Swastika and Yom Kippur in Akko

Denial takes place in stages. It won’t happen to me; it can’t happen in today’s world; it will never happen; and it didn’t happen. Reality is different. Today it did happen. There were Swastika’s painted on the electricity boxes on Akko promenade on the corner next to the police station. Worse yet, this year Yom Kippur which falls on the Sabbath is the same day as the Muslem festival of Eid Al-Adha (the Festival of the Sacrifice). Denial says it cannot happen but experience shows that Akko is bound to face friction and hopefully not violence.

On my usual early morning stroll down the Akko sea-front promenade to collect the morning’s newspapers I noticed an extra large presence of City inspectors and police. Usually at this hour they are on patrol or waiting inside the Akko police station, which is the old British Mandate police station. The focus of attention were the Swastika’s painted on the electricity closets. Catching the culprit is easier said that done despite the large number of CCTV cameras in the area. The Akko promenade is well known as a meeting point for the many non-Jewish villages in the Galilee. The police spend most nights trying, not always successfully, to prevent the car and motor-bike races that take place on the adjourning roads. Local non-Jewish residents who are 21% of the population often argue and fist-fight the visitors in turf-frays and sometimes over women and drugs. All in all the Western Galilee town of Akko feels like the wild-West. The Jewish residents who are 79% of the population have moved out of the sea-front area and now live in the Northern and Eastern suburbs, or have moved elsewhere such as to Nahariya.

Non-Jewish visitors to the Akko promenade and the Mosques of the predominately Muslim Old City increases dramatically on Muslim holidays. Their cars are parked along the quiet streets of the residential areas as far as 1 or even 2 km’s from the Old City, given the cramped spaces therein. Herein lies the dilemma for this years Yom Kippur. The City inspectors  close off the same streets to traffic to enable the Jewish residents to walk to and from synagogue in a quiet and dignified manner suited to the day. The law calls for all shops in Israel to close and there is no public entertainment. All Radio and TV stations cease their broadcasts 30 minutes before the fast commences until it ends.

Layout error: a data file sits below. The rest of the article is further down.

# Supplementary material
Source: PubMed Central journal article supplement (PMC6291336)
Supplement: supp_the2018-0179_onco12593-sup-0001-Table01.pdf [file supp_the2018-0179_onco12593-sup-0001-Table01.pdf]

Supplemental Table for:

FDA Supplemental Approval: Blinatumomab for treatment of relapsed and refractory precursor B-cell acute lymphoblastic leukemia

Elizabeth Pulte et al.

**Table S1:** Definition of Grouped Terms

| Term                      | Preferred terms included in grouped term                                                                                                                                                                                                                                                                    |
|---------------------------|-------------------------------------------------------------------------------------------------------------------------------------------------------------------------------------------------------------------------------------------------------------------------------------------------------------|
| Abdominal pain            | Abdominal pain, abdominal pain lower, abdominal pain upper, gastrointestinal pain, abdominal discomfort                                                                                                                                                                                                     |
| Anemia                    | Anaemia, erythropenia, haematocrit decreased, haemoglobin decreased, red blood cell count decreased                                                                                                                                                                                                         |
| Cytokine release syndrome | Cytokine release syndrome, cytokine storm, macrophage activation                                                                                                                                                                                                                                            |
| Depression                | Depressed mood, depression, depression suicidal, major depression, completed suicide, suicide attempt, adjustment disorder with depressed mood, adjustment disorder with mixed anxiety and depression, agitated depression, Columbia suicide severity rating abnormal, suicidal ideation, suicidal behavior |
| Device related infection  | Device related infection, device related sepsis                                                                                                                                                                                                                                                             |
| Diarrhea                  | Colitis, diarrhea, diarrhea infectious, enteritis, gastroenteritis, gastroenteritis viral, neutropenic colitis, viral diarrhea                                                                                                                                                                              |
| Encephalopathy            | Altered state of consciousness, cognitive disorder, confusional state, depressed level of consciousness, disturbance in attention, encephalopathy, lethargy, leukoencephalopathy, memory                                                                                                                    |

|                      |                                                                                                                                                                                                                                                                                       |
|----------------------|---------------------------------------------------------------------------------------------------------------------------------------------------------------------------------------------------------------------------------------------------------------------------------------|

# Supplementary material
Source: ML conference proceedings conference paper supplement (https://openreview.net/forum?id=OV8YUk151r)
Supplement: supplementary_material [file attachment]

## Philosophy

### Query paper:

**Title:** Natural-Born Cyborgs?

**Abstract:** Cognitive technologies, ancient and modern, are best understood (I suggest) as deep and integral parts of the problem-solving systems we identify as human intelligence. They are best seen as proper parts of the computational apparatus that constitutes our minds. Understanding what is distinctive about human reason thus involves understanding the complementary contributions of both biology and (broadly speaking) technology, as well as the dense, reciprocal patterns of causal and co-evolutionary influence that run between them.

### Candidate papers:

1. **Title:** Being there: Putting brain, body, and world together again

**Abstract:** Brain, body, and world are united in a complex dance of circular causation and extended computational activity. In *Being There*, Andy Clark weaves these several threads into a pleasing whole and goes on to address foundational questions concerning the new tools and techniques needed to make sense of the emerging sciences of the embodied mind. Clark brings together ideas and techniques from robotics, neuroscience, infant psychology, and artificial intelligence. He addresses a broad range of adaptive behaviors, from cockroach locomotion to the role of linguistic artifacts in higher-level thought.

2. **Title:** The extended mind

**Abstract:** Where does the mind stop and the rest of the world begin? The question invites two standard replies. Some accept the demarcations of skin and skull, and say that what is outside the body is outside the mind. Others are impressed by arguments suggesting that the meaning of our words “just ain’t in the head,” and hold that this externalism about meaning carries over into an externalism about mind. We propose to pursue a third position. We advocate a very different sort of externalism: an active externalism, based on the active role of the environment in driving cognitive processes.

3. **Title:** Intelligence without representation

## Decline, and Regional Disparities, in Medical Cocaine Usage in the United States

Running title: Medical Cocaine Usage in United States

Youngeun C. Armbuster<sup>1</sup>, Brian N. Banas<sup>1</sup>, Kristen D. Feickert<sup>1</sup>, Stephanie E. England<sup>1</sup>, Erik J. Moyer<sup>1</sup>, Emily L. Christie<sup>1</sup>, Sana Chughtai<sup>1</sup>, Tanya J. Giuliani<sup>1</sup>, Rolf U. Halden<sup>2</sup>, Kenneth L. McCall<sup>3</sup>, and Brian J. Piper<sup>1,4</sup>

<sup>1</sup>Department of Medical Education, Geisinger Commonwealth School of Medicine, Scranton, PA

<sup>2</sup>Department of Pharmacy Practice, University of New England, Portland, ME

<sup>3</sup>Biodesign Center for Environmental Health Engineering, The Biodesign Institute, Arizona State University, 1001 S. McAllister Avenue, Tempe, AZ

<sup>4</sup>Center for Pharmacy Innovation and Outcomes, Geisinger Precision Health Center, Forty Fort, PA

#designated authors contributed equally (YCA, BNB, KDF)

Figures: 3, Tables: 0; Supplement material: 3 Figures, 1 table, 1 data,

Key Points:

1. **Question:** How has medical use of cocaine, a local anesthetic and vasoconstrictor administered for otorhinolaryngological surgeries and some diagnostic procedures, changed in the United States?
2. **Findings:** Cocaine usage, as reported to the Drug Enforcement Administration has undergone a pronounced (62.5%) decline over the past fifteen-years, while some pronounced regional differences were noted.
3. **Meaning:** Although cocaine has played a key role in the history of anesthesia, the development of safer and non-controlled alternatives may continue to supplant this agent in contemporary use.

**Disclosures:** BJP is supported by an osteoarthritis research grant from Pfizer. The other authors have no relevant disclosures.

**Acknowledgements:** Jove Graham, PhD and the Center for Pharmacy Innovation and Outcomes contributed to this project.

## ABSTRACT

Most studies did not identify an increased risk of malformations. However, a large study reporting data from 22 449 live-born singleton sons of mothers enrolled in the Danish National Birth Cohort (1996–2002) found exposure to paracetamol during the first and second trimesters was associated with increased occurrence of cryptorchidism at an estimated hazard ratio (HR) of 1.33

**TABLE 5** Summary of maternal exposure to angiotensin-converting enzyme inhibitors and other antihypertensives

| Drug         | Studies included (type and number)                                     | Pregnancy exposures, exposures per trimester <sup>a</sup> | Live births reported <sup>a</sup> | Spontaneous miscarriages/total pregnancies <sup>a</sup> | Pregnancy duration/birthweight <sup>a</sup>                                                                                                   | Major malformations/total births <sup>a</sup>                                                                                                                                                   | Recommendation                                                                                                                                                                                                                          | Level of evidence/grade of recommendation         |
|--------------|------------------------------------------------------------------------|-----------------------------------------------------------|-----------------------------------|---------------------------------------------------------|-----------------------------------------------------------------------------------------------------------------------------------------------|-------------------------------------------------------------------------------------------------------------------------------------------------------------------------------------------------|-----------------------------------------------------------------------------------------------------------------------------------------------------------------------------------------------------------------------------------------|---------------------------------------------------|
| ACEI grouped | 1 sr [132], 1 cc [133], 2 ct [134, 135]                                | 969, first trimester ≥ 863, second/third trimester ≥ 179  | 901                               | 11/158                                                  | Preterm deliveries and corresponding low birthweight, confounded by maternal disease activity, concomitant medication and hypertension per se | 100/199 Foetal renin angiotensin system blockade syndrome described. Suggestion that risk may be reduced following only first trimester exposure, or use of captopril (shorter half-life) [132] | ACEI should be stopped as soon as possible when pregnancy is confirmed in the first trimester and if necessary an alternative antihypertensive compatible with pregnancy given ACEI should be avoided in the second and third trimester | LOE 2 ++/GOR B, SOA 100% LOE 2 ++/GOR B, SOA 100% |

This year friction and hopefully not violence looms for Yom Kippur. The Muslem festival of Eid Al-Adha (the Festival of the Sacrifice) falls on the same day. It is the end of the Hajj pilgrimage to Mecca also commemorating the event described in the Koran where Ibrahim took his son Ishmael to offer him as a sacrifice. The festival is celebrated with BBQ’s, dancing and music; and visits to family and the Mosque.

Only time will tell how the Akko City inspectors and the police will handle the situation. How can they accommodate a festivity of eating and music with a day of fasting and silent contemplation ? How can they close streets to traffic while still granting access to Mosques within the closed area ? How can they prevent 10’s of thousands of visitors from the region in entering Akko and disturbing Yom Kippur ? Can they enforce the closure of all shops and restaurants ? Jerusalem no doubt faces the same problem. Careful planning and discussion between all involved is essential.

There is no denying that a Swastika causes hurt when it is next to your own home. There is the feeling that the non-Jewish neighbors should appreciate the Social Welfare services that they receive. Israel is the only country in the Middle East that provides free Health Care, free Housing, free Education and monthly living stipends to all needy residents. There is no non-Jewish resident of Israel who would willing trade these to live in a state that has a non-Jewish government, just for the sake of living in a non-Jewish state. Akko is 22 km from Lebanon and only slightly further from Syria. The non-Jewish residents should look at life in these countries, appreciate what they have and then refrain from painting Swastika’s.

If they wish to have access to the Mosques of Akko on Yom Kippur then so be it. I am all for the freedom of religious belief and practice. However I don’t believe that this should be at the expense of anyone else’s religious belief and practice. To date the non-Jewish religious leaders in Akko and nearby villages have refused to discuss with the City inspectors and the police any form of planning including traffic routing and parking, and the level of music. They are provoking the alternative – the complete closure of Akko to all traffic from outside Akko and strict fines for BBQ’s and music inside Akko. Only they can prevent this, but instead there are Swastika’s.

About the Author
Dr Glen Segell is Fellow at the Ezri Center for Iran & Persian Gulf Studies, University of Haifa.
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